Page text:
by Evan Hunter
Doubleday and Company (1972)
Were Salvatore Albert Lombino, who wrote so prolifically under Ed McBain, as well as his legally adopted name Evan Hunter and numerous other pseudonyms—John Abbott, Curt Cannon, Hunt Collins, Eras Hannon, Dean Hudson, and Marsten—still alive and asked to name the novel that he enjoyed writing the most, he might just say EVERY LITTLE CROOK and NANNY.
Not his best and certainly not his bestseller. This, after all, was the man who wrote The Blackboard Jungle, Strangers When We Meet, Mothers and Daughters, Buddwing, Last Summer, Sons, and Nobody Knew They Were There.
As Ed McBain he penned world class crime fiction, more than fifty titles in his 87th Precinct novels. During his prolific life he cranked out award winning short stories and wrote, among other film scripts Alfred Hitchcock’s The Birds.
And here we are suggesting a title that, weight-wise, barely tips the Hunter-McBain scales. The reason is simple. There’s a sense of fun here that not only jumps right off the pages but makes the reader just know that the writer, as he penned this one, was laughing all the way.
The plot is simple, the characters Guys and Dolls.
Carmine Gannucci, a retired “soft-drink” magnate with a trophy bride, a nice little boy and a rather hot nanny—who minds young Lewis—repairs to Italy with his large-breasted wife for a little vacation.
While he’s gone all hell breaks loose.
Luther Patterson is a third-rate book reviewer for unimportant journals and obscure publications and a most unlikely and naive kidnapper—he has no idea who Carmine Gannucci is and how he’s “connected.” And one of the novel’s great jokes is that this napper worships John Simon (books and plays) and Martin Levin (books), two real life New York reviewers, and they, through their lofty language (probably Hunter poking fun at the two critics who are old friends), become his muse as he cobbles together his ransom notes from scraps of his heroes’ prose from New York Times and New York Magazine reviews: “. . . let’s put it this way. . .you can go along with the rest of this buffoonery. . .or. . .invite. . . anfractious. . . unmitigated disaster.”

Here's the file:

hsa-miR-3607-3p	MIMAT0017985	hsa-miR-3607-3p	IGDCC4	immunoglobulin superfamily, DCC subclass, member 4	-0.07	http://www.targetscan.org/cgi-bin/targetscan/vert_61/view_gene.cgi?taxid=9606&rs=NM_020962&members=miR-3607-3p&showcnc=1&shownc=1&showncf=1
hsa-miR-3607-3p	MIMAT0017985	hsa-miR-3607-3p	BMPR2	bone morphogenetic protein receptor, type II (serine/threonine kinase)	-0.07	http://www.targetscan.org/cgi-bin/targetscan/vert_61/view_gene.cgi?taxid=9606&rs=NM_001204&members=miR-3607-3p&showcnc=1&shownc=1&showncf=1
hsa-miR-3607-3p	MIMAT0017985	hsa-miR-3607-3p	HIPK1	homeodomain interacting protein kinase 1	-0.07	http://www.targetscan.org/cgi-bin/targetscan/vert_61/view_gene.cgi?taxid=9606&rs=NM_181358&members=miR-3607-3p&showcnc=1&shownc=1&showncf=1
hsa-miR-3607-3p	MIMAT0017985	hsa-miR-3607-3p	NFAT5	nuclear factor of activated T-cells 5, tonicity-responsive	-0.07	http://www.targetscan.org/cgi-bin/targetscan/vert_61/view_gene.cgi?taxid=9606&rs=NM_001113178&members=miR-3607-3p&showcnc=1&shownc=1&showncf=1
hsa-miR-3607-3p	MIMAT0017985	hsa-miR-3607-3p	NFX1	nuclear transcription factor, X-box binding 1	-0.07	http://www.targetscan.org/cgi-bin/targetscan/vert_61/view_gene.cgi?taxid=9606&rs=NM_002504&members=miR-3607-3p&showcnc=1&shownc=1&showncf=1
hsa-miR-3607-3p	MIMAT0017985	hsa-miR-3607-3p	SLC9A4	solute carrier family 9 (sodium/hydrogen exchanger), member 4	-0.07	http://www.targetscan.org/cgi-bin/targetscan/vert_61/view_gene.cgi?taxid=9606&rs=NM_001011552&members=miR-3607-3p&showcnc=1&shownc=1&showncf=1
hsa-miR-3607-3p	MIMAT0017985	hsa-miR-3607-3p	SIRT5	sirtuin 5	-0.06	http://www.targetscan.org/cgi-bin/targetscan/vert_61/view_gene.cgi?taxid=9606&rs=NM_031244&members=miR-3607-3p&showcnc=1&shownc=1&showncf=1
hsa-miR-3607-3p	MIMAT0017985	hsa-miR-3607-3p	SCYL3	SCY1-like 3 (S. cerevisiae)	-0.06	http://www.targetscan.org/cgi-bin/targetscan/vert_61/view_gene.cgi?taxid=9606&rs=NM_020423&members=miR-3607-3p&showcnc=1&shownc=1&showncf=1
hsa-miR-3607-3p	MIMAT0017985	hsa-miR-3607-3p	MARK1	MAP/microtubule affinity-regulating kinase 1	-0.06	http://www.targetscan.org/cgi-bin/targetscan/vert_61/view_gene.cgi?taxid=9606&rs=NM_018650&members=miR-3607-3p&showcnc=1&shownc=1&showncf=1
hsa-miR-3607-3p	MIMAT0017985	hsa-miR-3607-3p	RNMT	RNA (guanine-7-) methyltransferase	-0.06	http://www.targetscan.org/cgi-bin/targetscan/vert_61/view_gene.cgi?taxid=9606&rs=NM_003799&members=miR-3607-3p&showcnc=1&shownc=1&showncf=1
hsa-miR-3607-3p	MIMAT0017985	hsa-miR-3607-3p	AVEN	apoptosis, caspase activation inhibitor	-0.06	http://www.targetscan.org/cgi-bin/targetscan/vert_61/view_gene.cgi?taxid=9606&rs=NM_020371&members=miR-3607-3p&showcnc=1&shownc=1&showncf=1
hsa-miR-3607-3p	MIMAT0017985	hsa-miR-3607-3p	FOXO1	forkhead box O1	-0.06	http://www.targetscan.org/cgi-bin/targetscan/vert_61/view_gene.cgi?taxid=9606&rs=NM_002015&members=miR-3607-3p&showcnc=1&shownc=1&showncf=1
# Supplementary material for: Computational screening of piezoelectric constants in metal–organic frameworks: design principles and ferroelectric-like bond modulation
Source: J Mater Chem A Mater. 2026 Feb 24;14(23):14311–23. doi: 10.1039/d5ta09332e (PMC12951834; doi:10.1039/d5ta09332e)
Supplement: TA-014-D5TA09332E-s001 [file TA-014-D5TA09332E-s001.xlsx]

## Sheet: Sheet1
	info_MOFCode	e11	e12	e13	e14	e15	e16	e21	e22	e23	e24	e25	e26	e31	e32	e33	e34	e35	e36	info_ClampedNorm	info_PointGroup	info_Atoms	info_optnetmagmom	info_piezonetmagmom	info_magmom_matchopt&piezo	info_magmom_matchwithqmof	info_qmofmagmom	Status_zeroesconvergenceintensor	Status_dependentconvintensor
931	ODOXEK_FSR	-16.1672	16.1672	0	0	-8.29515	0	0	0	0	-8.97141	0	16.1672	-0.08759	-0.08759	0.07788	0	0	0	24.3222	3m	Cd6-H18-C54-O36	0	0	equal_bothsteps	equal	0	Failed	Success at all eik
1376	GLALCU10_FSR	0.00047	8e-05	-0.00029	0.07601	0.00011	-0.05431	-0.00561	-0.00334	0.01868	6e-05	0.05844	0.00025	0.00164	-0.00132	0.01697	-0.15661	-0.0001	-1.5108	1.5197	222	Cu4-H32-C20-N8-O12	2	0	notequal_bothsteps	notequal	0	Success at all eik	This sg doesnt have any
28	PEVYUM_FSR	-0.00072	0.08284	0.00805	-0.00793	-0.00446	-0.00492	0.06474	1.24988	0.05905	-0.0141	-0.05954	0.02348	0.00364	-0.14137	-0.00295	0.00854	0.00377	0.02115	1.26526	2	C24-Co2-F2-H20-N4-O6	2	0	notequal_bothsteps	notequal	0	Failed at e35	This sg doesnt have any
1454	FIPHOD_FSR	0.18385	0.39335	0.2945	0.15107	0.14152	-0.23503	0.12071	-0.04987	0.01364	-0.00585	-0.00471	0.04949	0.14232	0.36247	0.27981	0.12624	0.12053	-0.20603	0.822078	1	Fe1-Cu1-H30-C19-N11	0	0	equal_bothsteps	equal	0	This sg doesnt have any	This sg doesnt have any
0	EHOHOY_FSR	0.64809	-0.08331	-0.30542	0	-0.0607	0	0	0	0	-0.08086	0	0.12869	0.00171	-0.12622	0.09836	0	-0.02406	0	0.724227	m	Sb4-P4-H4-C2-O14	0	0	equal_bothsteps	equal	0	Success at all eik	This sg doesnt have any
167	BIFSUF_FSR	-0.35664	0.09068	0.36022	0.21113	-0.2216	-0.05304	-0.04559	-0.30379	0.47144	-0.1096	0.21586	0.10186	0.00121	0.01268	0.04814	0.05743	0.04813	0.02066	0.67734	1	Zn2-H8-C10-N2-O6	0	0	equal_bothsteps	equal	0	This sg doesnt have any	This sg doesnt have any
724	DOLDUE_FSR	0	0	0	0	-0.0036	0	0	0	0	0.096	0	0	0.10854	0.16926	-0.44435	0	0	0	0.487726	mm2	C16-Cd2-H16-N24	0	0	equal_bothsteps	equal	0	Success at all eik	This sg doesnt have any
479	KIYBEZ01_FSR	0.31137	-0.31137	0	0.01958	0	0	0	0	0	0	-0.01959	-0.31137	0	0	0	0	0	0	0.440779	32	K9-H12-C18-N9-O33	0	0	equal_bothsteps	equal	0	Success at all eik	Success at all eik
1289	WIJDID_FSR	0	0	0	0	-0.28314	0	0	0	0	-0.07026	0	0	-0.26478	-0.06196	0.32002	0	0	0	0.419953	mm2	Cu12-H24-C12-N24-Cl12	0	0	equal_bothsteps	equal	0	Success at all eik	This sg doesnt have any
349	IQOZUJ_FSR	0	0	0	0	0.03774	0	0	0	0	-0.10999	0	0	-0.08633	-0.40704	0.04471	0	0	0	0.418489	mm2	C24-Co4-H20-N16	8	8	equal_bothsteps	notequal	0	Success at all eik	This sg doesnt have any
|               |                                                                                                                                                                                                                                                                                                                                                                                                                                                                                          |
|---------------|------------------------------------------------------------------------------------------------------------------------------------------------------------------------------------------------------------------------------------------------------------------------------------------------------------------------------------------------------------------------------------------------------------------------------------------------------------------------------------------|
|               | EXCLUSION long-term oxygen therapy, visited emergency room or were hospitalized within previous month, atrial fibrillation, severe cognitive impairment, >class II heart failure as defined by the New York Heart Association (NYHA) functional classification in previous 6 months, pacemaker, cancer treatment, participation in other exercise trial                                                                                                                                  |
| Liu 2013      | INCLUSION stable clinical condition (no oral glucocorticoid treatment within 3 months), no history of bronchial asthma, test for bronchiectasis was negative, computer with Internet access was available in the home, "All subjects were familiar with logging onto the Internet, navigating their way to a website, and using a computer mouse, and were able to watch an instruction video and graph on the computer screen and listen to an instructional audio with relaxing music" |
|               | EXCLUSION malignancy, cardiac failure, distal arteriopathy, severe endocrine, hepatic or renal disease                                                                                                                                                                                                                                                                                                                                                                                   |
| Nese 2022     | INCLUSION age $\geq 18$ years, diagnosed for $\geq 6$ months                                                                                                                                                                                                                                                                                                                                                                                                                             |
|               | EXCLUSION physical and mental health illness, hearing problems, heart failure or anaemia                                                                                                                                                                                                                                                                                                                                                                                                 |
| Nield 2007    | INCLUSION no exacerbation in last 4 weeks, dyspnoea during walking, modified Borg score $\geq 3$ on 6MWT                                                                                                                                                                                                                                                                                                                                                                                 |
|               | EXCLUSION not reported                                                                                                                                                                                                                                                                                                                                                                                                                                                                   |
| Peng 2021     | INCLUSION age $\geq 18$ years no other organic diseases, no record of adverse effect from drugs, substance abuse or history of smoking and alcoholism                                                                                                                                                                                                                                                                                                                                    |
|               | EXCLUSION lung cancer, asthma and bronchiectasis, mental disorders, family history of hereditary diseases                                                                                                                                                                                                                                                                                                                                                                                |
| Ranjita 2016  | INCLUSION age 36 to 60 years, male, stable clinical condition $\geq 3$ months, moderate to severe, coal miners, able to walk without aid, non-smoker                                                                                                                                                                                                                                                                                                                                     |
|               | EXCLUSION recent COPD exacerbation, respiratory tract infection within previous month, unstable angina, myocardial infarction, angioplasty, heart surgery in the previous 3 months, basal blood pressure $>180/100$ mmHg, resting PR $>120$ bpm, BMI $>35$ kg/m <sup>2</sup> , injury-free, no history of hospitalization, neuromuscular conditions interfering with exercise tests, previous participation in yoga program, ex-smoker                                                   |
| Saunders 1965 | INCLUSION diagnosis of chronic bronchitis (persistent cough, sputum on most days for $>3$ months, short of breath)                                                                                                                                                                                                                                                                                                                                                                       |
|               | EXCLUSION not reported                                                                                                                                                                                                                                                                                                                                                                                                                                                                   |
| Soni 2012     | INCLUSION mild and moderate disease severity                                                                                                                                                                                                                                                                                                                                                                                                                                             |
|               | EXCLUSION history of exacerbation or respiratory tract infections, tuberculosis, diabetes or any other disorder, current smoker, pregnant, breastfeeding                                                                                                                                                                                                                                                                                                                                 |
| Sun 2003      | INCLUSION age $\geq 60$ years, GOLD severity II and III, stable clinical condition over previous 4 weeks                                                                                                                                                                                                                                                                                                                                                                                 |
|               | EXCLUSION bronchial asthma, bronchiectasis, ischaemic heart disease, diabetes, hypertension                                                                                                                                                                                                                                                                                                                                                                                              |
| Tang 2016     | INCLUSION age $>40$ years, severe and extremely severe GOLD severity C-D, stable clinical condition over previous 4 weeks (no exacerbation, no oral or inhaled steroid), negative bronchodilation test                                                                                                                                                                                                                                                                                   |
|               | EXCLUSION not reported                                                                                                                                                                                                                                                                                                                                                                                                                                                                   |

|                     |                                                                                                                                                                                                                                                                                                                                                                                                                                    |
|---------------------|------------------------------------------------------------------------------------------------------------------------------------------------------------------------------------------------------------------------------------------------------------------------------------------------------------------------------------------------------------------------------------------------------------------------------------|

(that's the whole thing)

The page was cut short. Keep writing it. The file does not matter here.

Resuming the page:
So Luther nabs little Lewis and cranks out a rather “unique” $50 grand ransom note which the Nanny, who needless to say is freaking out about, is now faced with how to deal with the demand while keeping the fact that someone has stolen the bosses’ kid from the boss’, Ganucci, who is basking in the warm sun of his native Italy.
The mayhem begins when the dots (and idiots) get connected in a lower echelon group of Mr. Ganucci’s “associates,” Goombas’ who Nanny leans on to come up with the fifty thou or better yet find the boy and his napper before Carmine gets wind of it. And as the cliché’ goes, that’s where the fun begins—think Keystone Cops Meet Keystone Wops!
Along with the principals you’ll meet (among others): Benny Napkins, a low level mob operative who was graciously transferred to New York from Chicago because he happened to lean on the wrong person—Carmine’s brother, a restaurateur he offered to provide a rather suspect linen and garbage service to the eatery. When refused Napkins made the “honest” mistake of seeing to it that several garbage cans were hurled through the bistro’s plate glass window and found himself reassigned and packing out of Chicago and headed to New York; The Corsican Brothers, con artists who sell dancing dolls on the streets of Manhattan while waiting for dark to carry out a number of other nefarious “endeavors”; Cockeye, a forger who prints cash in his NY loft faster than the U.S. Federal Reserve, comes with a bit of a problem. Cockeye is well named as his one dollar bills feature a George Washington whose eyes are crossed; Snitch, a $25 per delivery rat who does a brisk business with Bozzaris, a cop who is often on the take; The Jackass, whose more appropriate name would be Dumb Ass; Dominick the Guru, a second story man who breaks and enters by night and lays off his “collectables” by day with a guy named Bloomingdales, who fences everything from hot grand pianos to trinkets that on display would scream high end yard sale. Then there’s the Silver Fox who handles nothing but stolen goods that are really good.
So, (and there are more) Nanny freaks when her charge is kidnapped. Fearing that a call to Carmine’s more high level “associates” would clearly make the Boss aware of the napping immediately, she opts to contact the operatives on the lower rungs of the “organizations” ladder and this brings the above D- Team together and the comedy of errors that is Every Little Crook and Nanny.